Lord Grenfell: My Lords, with reference to the Anglo-German joint statement to which my noble friend has just referred, is he not encouraged by the fact that that statement says, and I paraphrase, that exceptions to initiatives designed to combat unfair tax competition should be granted where a member state can demonstrate that the competitiveness of Europe is in jeopardy? Does he not agree that that could protect our Eurobond market from the proposed withholding tax and render totally unnecessary any use of the British veto against such a tax measure?

Lord McIntosh of Haringey: My Lords, my noble friend's paraphrase is very close to the original, which I have with me. Yes, I can confirm that that is indeed what the common position means. I confirm that we will not sign up to any change which would damage the Eurobond market.

Lord Higgins: My Lords, is it not clear from the Prime Minister's exchange at Question Time yesterday that the Government are weakening as regards tax harmonisation? Is it not also clear from the letter signed with the German Chancellor that that is so? Can the Minister give us an assurance that in the discussions he mentioned a moment ago, the Government will be absolutely categoric in saying that they are opposed to the withholding tax, which would damage the City, and that they will oppose further harmonisation on savings taxes generally?

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Lord McIntosh of Haringey: My Lords, I am sorry to say that the noble Lord has followed the interpretation of the distinguished political editor of the Financial Times, which is wrong. We have always said that as a last resort we would veto any unsatisfactory agreement. We now think, as a result of the common position taken up by the British and German Governments, that it will not be necessary; in other words, avoiding damage to British financial institutions, combined with the benefit of action against unfair tax practice, is now possible.

Lord Razzall: My Lords, does the Minister agree that, far from the conclusions we are asked to draw from the remarks of the Conservative Opposition, the remarks of Commissioner Monti refute recent scare-mongering on tax harmonisation? Does he not agree also that tax phobia can now be added to Europhobia as a political and economic illness to be avoided in your Lordships' House?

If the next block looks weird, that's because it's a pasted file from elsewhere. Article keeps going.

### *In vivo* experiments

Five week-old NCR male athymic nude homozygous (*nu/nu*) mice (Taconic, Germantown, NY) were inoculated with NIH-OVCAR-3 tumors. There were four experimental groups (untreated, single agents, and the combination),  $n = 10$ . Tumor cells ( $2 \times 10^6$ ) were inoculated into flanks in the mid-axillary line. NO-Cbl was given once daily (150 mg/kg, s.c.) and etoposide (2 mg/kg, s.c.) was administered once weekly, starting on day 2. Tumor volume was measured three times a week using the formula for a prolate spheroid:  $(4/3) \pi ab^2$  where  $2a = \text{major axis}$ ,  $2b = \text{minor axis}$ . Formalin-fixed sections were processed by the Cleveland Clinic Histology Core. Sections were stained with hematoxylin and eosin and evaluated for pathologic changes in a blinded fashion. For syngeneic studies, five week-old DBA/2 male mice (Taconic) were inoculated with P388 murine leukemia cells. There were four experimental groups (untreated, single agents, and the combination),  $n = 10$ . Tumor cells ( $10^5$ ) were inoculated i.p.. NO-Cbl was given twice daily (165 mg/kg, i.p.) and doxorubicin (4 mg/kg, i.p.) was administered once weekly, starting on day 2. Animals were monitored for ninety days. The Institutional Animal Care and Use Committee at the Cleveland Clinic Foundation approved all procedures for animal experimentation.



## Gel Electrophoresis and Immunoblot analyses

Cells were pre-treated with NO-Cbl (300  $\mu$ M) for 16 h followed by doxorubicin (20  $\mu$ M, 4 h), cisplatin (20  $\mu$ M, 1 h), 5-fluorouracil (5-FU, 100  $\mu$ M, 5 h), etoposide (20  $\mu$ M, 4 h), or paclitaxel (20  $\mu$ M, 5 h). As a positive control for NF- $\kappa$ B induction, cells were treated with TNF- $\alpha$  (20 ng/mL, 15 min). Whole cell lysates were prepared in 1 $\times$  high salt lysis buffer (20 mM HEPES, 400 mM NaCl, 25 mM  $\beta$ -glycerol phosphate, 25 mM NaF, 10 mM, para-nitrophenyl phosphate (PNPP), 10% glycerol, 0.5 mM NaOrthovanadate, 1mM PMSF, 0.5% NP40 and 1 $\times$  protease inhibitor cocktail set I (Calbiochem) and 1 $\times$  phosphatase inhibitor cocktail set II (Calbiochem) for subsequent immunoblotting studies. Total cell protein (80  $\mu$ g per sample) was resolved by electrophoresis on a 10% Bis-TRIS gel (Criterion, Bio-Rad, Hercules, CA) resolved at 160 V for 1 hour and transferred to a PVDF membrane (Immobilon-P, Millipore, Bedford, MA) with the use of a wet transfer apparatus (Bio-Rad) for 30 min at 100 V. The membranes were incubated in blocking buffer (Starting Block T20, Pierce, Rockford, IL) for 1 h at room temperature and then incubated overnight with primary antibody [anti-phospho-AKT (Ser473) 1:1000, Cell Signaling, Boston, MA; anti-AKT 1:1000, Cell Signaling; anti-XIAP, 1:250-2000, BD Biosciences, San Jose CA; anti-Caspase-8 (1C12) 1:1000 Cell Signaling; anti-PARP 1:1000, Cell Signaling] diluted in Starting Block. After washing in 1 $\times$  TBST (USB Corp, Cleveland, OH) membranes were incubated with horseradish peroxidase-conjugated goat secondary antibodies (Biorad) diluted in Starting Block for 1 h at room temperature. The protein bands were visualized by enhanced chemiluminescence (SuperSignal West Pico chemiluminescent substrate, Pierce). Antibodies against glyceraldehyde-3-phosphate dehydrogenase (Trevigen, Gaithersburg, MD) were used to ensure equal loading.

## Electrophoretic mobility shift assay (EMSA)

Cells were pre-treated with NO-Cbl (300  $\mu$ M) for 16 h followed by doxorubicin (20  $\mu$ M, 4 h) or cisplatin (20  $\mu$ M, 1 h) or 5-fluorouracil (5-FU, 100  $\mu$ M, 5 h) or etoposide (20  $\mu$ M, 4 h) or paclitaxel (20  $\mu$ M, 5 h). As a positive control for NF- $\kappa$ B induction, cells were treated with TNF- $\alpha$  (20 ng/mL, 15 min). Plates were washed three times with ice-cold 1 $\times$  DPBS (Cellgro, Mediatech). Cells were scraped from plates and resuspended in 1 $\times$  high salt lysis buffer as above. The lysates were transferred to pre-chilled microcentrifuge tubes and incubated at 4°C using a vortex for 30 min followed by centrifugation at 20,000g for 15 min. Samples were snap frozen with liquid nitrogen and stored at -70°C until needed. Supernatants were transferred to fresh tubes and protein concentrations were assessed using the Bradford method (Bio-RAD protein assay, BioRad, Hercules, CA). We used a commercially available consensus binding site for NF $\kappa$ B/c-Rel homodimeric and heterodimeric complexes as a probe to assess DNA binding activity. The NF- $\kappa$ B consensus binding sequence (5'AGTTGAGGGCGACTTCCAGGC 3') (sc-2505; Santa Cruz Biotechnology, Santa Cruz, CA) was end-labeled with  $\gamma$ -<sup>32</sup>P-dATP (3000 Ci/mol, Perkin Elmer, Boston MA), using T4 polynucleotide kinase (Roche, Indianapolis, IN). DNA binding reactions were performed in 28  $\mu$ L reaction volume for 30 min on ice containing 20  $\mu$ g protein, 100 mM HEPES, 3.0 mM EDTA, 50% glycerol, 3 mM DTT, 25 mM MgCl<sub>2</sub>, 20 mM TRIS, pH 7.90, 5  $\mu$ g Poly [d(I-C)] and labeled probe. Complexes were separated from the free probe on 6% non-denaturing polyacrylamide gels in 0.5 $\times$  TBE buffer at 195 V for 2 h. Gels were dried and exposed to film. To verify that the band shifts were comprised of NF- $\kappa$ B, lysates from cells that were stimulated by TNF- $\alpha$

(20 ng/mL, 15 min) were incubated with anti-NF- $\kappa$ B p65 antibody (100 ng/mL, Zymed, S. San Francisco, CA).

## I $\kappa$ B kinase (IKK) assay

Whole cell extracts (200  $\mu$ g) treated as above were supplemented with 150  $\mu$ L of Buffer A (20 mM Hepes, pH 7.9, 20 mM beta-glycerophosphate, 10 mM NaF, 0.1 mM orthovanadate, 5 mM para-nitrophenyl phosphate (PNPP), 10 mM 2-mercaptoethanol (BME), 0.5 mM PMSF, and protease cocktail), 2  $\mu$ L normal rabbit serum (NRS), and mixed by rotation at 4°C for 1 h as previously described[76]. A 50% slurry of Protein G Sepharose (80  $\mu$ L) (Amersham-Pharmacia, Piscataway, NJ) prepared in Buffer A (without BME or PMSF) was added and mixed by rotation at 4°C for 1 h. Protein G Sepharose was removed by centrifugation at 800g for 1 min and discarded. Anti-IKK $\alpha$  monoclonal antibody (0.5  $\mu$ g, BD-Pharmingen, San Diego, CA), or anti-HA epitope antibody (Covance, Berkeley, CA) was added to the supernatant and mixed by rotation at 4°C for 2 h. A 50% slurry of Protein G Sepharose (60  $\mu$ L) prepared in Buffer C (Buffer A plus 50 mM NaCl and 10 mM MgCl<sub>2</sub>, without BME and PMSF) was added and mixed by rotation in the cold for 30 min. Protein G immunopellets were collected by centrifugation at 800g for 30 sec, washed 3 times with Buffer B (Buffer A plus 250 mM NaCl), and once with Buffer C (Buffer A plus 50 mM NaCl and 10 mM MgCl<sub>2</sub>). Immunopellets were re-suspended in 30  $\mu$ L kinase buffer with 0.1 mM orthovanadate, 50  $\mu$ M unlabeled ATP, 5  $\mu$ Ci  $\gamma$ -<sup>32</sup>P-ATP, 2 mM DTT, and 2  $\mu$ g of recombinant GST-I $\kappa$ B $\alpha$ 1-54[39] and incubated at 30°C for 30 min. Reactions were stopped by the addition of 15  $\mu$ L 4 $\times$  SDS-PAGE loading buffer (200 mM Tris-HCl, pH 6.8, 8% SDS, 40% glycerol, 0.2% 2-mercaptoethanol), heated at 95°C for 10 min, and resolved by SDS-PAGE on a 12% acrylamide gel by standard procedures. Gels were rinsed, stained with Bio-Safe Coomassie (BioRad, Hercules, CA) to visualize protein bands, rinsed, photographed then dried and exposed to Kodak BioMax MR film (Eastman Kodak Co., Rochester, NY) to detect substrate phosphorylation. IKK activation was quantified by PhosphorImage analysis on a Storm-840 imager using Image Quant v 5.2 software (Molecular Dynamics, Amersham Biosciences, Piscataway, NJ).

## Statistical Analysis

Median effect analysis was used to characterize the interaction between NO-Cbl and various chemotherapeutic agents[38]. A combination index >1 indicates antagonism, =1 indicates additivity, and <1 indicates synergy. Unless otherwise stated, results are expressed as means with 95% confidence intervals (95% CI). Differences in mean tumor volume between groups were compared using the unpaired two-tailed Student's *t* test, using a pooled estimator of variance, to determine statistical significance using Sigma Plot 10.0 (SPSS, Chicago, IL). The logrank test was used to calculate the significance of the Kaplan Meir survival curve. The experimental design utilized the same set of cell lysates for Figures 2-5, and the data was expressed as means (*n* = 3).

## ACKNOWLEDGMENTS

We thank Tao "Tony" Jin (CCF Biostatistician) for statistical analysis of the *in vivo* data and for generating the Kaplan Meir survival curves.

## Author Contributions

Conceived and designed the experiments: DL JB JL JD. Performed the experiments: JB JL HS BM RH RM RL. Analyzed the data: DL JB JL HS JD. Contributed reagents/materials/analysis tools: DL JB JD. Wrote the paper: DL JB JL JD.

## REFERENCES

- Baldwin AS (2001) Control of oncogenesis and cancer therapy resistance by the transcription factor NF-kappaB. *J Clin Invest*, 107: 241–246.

Lord McIntosh of Haringey: My Lords, in setting out the respective responsibilities of member states and the Commission, I did not intend in any way to criticise Commissioner Monti, who was perfectly entitled to say what he did.

Lord Elton: My Lords, to save the noble Lord great embarrassment when he reads Hansard's account of his reply to the first supplementary question, will he confirm that it was an entirely accidental and not a Freudian slip which led him to refer to the Prime Minister as head of state rather than head of government?

Lord McIntosh of Haringey: My Lords, the noble Lord is strictly correct. I apologise for any unintended mis-statement.

Lord Marlesford: My Lords, does the Minister agree that it is a great deal better to allow market forces to put pressure on governments to harmonise taxes, because that would harmonise them downwards, rather than to allow the Brussels Commission to harmonise them, which would almost certainly harmonise them upwards?

Lord McIntosh of Haringey: My Lords, we do not know the result of the deliberations of the group on the code for business taxation. We do not know what the result will be or in which direction harmonisation will occur. Clearly it has been a proper and a valuable initiative. I think the noble Lord should wait to see what comes out of it.


3.31 p.m.

Lord Carter: My Lords, at a convenient moment after 3.30 p.m. my noble friend Lady Hayman will, with the leave of the House, repeat a Statement that is to be made in another place on tobacco.

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I recently announced that, subject to progress of business, the House would be asked to return from the Christmas Recess on Thursday 7th January. I have to tell your Lordships that there has been a change to these arrangements. Following further negotiations with the usual channels, it will now not be necessary for the House to be asked to return until Monday 11th January. As previously announced, the House will sit on Thursday 17th December at 11 o'clock and rise at the end of that day's Sitting.

Freedom of Information Bill [H.L.]

Lord Lucas: My Lords, I beg to introduce a Bill to extend the right of access to information held by public authorities; and for connected purposes. I beg to move that the Bill be now read a first time.

Moved, That the Bill be now read a first time.--(Lord Lucas.)

On Question, Bill read a first time, and to be printed.